Romney would be wise to paint himself as the man who sees the world the way it is, not the way that coincides with Obama’s political ambitions. The economy is not getting better. Iran is not stopping its nuclear program. Al-Qaeda has not been decimated. It is not simply that Obama is not honest with us (or himself, arguably); rather it is that without seeing the country and world clearly, we can’t address our challenges. And as we saw tragically in Libya, we leave ourselves open to attack.
There are two ways to illustrate this dangerous propensity beyond the Libya debacle.
First, Obama’s biggest national security failure has been on Iran. Sanctions have not slowed the nuclear weapons program, and the regime doesn’t find our threat of military action credible. Maybe that is because so many advisers talked down the military option. Obama didn’t forcefully support the Green Revolution. He wasted 18 months on fruitless negotiations at the onset of his term and has returned to that useless tact. The Iranian regime is not isolated. It just hosted a major United Nations gathering. Obama has made the use of force more likely because we’ve run out of options, and the Israelis may feel compelled to go it alone.
Second, the way to prevent wars and attacks on Americans is to maintain a first- rate military and display consistent willingness to defend U.S. interests and allies. When we slash defense, when we rush to the exits on Afghanistan over the objections of our commanders, when we show daylight between the United States and Israel, when we let Russia decide if we’re going to act vigorously in Syria and the Arab League determine our Libya response, we are begging for trouble. And now we have plenty of it.
Romney, in making this case, is explaining how Obama has made us more vulnerable and offering a rebuttal to the notion that he’s going to be reckless or start a bunch of wars. Now is not the time to sound defensive, but he can surely stress the point that recklessness is seen in lack of preparation, not acute awareness of our threats.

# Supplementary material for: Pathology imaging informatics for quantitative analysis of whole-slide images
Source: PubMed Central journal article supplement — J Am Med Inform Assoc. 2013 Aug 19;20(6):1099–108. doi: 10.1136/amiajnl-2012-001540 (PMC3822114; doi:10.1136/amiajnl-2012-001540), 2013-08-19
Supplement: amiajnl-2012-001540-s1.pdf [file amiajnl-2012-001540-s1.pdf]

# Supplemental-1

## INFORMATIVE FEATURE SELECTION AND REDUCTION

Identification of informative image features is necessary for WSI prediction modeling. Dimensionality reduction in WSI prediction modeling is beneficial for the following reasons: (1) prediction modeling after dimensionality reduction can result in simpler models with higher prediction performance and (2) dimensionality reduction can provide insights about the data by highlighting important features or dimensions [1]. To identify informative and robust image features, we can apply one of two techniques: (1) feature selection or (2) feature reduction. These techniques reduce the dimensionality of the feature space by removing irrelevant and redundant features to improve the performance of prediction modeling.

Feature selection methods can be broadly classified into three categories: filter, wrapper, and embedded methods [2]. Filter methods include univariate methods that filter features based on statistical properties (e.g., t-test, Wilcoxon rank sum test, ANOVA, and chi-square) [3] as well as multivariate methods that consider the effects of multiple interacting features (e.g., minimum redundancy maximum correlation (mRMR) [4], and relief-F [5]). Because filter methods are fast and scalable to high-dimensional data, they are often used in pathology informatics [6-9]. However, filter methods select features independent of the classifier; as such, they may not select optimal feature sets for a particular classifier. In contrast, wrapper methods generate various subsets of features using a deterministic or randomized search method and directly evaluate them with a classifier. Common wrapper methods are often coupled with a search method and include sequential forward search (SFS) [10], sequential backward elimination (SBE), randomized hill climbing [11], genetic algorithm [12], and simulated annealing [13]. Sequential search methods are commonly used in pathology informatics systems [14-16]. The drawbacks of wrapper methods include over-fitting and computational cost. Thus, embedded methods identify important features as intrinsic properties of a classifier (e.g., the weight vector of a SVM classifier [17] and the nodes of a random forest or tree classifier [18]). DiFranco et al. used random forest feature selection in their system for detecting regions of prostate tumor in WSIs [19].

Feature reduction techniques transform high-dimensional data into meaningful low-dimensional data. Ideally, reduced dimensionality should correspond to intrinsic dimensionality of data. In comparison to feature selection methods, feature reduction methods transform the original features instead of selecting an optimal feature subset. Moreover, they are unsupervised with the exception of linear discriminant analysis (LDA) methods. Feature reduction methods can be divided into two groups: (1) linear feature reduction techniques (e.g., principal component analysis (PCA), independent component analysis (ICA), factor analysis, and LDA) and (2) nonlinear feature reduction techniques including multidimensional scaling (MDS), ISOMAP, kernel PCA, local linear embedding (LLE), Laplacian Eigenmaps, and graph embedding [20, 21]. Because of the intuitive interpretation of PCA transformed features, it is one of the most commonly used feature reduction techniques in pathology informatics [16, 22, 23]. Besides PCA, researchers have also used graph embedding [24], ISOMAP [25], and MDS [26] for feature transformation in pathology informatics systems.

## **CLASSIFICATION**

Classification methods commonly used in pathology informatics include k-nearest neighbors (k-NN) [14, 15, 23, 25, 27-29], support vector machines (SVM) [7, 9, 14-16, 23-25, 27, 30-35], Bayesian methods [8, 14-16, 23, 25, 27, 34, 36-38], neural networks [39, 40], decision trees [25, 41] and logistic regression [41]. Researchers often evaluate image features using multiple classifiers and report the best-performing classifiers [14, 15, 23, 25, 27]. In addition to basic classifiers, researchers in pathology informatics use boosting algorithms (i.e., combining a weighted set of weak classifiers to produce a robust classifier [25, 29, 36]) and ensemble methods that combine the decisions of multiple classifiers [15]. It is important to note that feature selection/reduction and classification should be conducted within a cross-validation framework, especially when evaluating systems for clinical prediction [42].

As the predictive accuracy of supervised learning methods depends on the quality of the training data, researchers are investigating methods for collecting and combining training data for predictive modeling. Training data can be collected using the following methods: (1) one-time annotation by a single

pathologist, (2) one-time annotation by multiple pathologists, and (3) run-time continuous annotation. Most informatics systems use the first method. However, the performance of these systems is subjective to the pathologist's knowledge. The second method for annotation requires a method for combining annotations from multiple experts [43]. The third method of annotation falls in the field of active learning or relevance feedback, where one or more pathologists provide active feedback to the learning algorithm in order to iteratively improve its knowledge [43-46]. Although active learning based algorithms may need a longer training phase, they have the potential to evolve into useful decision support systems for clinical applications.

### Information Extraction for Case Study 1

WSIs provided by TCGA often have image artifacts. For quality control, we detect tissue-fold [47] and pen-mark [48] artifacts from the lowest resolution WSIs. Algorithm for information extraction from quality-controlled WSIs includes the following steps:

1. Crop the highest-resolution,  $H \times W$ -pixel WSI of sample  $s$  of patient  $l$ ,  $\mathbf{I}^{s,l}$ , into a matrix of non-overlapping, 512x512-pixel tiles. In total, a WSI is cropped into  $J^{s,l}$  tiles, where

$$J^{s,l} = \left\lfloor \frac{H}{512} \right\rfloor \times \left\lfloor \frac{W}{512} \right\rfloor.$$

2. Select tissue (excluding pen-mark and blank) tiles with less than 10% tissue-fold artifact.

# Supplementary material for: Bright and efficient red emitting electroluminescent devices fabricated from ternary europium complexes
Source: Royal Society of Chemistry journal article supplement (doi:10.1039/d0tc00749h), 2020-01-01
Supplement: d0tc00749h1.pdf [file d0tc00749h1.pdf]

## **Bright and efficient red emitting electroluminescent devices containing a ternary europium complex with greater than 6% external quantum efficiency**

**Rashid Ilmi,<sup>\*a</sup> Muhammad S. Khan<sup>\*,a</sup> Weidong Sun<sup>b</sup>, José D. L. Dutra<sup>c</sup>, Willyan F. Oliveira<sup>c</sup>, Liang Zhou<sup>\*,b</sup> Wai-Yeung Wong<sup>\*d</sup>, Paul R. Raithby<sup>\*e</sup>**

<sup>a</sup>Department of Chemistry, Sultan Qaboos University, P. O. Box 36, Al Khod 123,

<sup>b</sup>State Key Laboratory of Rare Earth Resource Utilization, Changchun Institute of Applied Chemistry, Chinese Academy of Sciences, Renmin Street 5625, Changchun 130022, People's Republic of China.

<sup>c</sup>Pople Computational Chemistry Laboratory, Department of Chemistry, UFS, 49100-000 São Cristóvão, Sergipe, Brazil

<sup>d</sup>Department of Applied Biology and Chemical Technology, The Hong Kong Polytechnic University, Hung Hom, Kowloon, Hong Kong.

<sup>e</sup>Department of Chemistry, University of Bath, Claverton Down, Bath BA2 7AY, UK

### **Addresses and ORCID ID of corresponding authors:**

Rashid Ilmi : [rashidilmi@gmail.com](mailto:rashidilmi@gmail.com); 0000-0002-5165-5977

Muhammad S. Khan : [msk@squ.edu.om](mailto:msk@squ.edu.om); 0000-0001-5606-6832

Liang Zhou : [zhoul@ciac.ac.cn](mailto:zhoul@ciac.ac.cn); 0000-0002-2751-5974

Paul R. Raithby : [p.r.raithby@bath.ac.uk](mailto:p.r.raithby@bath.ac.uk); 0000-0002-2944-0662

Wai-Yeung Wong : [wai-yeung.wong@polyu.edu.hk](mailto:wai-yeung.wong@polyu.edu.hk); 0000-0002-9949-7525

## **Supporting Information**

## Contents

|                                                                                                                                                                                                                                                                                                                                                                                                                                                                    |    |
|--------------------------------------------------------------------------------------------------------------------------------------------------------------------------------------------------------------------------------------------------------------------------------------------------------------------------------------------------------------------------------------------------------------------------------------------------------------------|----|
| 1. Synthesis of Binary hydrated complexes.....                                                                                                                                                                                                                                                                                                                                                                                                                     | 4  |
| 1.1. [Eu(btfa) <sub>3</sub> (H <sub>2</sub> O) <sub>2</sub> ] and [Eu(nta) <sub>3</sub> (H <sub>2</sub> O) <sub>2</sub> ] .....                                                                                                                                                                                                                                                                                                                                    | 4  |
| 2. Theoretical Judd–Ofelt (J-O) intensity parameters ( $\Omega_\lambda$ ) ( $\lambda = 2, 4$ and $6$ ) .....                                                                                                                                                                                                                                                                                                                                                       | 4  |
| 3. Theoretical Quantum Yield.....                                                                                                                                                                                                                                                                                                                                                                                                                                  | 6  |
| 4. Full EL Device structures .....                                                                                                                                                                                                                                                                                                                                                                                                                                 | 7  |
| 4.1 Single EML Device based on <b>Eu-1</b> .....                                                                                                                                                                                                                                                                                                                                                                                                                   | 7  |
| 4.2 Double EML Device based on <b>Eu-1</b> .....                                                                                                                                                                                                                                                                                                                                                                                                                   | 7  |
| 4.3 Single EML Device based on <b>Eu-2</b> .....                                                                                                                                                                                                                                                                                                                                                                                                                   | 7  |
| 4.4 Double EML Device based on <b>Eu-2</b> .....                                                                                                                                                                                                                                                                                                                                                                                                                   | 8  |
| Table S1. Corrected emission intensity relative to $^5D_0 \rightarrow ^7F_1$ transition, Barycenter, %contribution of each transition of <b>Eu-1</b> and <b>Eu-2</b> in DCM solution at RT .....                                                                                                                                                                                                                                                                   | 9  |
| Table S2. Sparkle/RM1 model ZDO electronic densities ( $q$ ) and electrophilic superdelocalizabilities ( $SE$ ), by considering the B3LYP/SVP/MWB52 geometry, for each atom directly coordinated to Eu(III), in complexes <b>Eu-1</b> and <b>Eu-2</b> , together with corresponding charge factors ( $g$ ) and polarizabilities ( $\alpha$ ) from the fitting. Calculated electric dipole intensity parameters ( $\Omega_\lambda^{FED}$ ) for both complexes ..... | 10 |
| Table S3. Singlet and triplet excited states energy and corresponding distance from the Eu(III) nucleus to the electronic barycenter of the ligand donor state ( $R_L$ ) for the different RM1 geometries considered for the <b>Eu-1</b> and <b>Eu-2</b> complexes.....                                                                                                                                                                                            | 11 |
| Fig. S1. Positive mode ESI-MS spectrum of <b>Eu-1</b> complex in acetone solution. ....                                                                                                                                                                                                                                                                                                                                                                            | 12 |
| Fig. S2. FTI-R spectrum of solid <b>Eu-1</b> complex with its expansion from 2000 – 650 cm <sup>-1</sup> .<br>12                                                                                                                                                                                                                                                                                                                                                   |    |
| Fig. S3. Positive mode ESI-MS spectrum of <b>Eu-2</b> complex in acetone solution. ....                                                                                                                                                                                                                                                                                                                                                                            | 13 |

It would also be wise to knock down the straw man that the only option is between, on one hand, Obama’s retreat from the world and over-reliance on the United Nations and, on the other hand, a constant series of wars. Romney should make clear that defending our values and maintaining our military readiness do not mean that we will resort to military action lightly or without exhausting every option. The mother concerned that her son in the National Guard is going to be heading off to battle after battle should understand, if Romney does this well, that we can defend our interests with soft power (diplomacy, economic persuasion, rhetorical force) and by assisting those who want to help themselves (in Syria), without putting American boots on the ground. Here, Romney must walk a fine line, for he must firmly state that if all other measures fail and there is no one to act effectively but us (e.g., against Iran), then we will deploy force to defend our vital interests. But deploying force becomes less likely when we don’t engage in self-delusion about our enemies, snub our friends or recede from the international stage.
Finally, there is something to be said for standing with those who face oppression. Giving robust support to the Green Revolution, refusing to lighten sanctions on Cuba (which still holds Alan Gross prisoner) and declining to commend Vladimir Putin on his stolen election would not have cost us anything. To the contrary, these steps would have maintained our moral standing, given hope to the oppressed and pause to tyrants, and moved the needle toward a freer, safer world.
Now, that would be a speech worth the wait.